Also, if Uncle Sam were in front of a lender, he would have to explain, somehow, that he can only makes ends meet by borrowing a third of his annual outflow. Any typical mortgage applicant would be laughed out of the lender’s office with such an admission.
Based upon the answers to the ten questions, the U.S. government credit score came out in a range between 630 and 680. That’s a bit below the average American’s credit score of 690. Uncle Sam might qualify for a car loan. But he can forget about qualifying for a mortgage. Yet, the U.S. government is borrowing money for 30 years at 2.93%.
The U.S. government is a borrower whose operation Boston University professor Laurence J. Kotlikoff refers to as a Ponzi Scheme. Using CBO data, Kotlikoff calculates a fiscal gap of $202 trillion, which is more than 15 times the official debt. He goes on to explain,
We have 78 million baby boomers who, when fully retired, will collect benefits from Social Security, Medicare, and Medicaid that, on average, exceed per-capita GDP. The annual costs of these entitlements will total about $4 trillion in today’s dollars. Yes, our economy will be bigger in 20 years, but not big enough to handle this size load year after year.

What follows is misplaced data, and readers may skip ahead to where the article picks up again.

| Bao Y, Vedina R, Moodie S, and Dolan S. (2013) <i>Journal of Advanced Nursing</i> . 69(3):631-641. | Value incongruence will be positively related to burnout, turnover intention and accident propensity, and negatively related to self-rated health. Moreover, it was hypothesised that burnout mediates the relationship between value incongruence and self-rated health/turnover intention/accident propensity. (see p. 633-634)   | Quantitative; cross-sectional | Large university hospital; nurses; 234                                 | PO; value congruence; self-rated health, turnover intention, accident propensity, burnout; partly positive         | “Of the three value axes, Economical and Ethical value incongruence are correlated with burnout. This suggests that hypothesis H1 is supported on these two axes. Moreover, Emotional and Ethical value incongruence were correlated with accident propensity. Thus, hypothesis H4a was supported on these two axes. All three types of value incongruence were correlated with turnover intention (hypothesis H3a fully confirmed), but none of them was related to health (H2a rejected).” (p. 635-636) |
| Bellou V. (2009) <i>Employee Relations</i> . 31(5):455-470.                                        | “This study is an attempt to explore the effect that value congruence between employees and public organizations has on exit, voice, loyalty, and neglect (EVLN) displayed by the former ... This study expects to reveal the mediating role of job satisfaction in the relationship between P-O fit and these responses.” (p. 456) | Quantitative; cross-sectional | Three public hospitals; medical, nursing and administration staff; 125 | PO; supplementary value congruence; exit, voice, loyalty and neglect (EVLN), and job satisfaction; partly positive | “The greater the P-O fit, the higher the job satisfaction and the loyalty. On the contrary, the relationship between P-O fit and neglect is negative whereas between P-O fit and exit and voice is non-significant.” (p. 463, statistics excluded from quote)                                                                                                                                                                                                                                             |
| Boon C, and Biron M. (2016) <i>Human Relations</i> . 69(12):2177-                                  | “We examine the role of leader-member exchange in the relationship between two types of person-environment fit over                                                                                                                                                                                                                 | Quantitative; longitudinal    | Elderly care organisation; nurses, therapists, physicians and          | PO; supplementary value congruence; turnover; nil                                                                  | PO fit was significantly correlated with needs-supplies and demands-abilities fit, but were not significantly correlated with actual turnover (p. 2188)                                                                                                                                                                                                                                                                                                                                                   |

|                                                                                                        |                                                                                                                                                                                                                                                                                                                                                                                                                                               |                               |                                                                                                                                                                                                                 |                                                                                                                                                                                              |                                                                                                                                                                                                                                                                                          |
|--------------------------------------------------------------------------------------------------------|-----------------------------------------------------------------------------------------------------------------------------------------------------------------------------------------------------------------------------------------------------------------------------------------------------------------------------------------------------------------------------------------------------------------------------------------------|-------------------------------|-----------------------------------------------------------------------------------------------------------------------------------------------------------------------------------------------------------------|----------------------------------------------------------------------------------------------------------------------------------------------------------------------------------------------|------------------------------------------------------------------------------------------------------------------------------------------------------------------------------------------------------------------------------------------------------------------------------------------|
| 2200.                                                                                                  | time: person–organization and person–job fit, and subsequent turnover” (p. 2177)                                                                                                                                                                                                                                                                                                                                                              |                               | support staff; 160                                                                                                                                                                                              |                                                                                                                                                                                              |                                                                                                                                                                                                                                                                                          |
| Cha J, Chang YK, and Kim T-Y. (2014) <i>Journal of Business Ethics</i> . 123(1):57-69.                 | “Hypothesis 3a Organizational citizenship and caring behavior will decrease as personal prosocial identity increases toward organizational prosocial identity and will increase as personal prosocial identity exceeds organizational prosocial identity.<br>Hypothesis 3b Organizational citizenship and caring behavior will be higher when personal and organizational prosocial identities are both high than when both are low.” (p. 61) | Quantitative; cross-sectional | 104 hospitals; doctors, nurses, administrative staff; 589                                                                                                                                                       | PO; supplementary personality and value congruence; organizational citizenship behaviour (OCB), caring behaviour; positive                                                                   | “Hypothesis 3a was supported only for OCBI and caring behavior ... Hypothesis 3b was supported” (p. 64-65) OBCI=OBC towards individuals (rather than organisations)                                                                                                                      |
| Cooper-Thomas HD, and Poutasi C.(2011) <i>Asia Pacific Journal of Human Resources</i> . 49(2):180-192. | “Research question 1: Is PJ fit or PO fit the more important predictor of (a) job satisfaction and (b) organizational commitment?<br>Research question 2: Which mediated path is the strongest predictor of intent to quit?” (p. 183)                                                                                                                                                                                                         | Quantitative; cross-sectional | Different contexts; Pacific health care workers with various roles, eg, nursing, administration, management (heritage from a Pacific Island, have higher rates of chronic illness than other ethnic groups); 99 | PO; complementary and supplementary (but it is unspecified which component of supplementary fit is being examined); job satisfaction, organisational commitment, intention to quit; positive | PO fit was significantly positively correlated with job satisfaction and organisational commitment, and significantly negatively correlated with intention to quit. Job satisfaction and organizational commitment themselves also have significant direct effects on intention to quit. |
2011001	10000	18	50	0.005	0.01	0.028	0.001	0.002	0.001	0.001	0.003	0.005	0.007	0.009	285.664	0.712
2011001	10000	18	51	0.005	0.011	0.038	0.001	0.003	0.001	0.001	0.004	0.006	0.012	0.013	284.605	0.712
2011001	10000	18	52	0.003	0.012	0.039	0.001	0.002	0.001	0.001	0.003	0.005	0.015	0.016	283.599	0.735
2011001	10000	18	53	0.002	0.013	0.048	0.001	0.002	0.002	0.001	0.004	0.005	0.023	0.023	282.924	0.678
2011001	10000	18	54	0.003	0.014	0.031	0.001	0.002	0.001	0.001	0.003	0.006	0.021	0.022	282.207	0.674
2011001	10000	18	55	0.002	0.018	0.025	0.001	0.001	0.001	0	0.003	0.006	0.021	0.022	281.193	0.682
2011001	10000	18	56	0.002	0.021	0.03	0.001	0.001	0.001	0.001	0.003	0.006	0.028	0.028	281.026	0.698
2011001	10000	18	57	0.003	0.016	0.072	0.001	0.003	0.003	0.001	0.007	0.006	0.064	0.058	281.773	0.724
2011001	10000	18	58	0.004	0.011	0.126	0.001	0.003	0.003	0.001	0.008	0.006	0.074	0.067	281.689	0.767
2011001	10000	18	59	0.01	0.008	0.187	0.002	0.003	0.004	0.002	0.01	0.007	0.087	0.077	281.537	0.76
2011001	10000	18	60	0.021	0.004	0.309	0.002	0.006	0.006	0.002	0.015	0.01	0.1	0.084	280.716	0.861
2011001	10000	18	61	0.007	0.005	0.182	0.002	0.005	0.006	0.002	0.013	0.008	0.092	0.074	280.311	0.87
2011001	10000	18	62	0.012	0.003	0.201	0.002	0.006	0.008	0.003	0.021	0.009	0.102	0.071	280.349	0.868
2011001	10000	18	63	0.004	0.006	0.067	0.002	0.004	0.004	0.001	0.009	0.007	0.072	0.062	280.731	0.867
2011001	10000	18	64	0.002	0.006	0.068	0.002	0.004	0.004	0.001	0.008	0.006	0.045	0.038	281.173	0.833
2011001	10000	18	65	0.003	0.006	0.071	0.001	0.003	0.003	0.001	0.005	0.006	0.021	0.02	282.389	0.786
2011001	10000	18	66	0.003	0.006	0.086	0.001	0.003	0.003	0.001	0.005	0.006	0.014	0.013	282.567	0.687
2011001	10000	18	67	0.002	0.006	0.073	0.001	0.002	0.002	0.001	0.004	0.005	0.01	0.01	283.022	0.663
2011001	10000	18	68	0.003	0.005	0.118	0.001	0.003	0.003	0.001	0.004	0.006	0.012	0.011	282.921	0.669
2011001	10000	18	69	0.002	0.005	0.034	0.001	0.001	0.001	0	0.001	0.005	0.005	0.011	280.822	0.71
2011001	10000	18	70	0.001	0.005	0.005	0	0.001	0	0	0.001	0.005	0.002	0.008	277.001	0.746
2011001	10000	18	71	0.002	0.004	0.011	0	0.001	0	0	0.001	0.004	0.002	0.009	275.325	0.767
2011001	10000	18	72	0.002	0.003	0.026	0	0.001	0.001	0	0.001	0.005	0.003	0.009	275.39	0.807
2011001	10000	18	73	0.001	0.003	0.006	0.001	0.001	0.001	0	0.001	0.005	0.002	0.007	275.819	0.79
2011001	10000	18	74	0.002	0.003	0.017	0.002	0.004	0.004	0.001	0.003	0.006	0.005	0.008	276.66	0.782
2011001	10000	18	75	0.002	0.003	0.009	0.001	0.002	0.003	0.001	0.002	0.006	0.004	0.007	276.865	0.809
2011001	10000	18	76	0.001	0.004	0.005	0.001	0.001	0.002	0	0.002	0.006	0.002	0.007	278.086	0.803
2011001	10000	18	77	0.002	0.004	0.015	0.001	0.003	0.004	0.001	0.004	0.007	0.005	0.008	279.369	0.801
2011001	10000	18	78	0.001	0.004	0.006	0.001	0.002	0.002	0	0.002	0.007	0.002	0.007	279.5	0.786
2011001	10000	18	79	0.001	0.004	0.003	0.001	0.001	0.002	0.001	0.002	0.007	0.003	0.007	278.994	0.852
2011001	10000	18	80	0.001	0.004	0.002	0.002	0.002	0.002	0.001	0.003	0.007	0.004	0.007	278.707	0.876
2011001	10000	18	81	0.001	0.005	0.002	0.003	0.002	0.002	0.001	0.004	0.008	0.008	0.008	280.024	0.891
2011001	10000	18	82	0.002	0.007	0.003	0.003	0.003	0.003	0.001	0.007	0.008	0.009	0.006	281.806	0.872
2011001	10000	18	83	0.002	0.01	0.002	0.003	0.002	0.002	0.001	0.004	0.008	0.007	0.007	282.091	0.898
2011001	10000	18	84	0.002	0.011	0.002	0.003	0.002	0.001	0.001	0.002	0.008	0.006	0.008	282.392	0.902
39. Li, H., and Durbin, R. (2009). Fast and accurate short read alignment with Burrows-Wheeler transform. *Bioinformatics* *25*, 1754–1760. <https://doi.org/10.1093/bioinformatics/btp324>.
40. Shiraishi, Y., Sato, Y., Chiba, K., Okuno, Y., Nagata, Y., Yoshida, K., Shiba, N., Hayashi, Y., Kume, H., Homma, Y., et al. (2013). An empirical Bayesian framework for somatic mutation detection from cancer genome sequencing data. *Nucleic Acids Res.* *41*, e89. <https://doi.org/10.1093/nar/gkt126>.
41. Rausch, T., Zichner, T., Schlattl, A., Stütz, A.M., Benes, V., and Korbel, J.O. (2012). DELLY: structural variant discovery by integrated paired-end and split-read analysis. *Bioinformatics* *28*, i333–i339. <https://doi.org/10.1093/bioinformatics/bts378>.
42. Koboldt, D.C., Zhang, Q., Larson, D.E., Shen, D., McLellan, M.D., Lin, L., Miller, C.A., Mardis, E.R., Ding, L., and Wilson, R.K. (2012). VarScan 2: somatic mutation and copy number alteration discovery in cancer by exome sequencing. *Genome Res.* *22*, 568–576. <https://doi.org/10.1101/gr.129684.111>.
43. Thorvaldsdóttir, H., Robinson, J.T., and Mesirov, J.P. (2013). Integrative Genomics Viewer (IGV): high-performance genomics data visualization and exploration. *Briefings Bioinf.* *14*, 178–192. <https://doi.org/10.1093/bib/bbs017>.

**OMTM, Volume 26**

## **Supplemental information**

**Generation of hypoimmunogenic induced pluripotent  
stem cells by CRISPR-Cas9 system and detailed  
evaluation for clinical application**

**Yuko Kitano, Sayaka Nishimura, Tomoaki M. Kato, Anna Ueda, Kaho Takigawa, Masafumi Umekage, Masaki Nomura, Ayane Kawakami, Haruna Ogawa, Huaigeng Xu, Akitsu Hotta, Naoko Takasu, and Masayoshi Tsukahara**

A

When the fiscal chickens come home to roost, the results won’t be pretty. Kotlikoff predicts “dramatic increases in poverty, tax, interest rates and consumer prices.”
Bankers are thought to consider credit requests considering the 5 C’s of credit:Cash Flow, Collateral, Capital, Character, Conditions. While creditworthy John Q. Publics pass the 5 C’s with flying colors, they’re getting no respect from their local banks.
Meanwhile, the U.S. government has a negative cash flow. It provides its lenders no collateral. It’s capital is eroding. Character? Oh please! Plus, economic conditions are terrible.
Turning a blind eye to the 5 C’s, bond buyers can’t get enough of America’s government paper. But rest assured, as Kotlikoff writes, “Uncle Sam’s bond traders will kick us miles down our road once they wake up and realize the U.S. is in worse fiscal shape than Greece.”
In our economic world of illusion, from time to time we get a dose of reality. The government can’t protect itself from reality forever.
Douglas E. French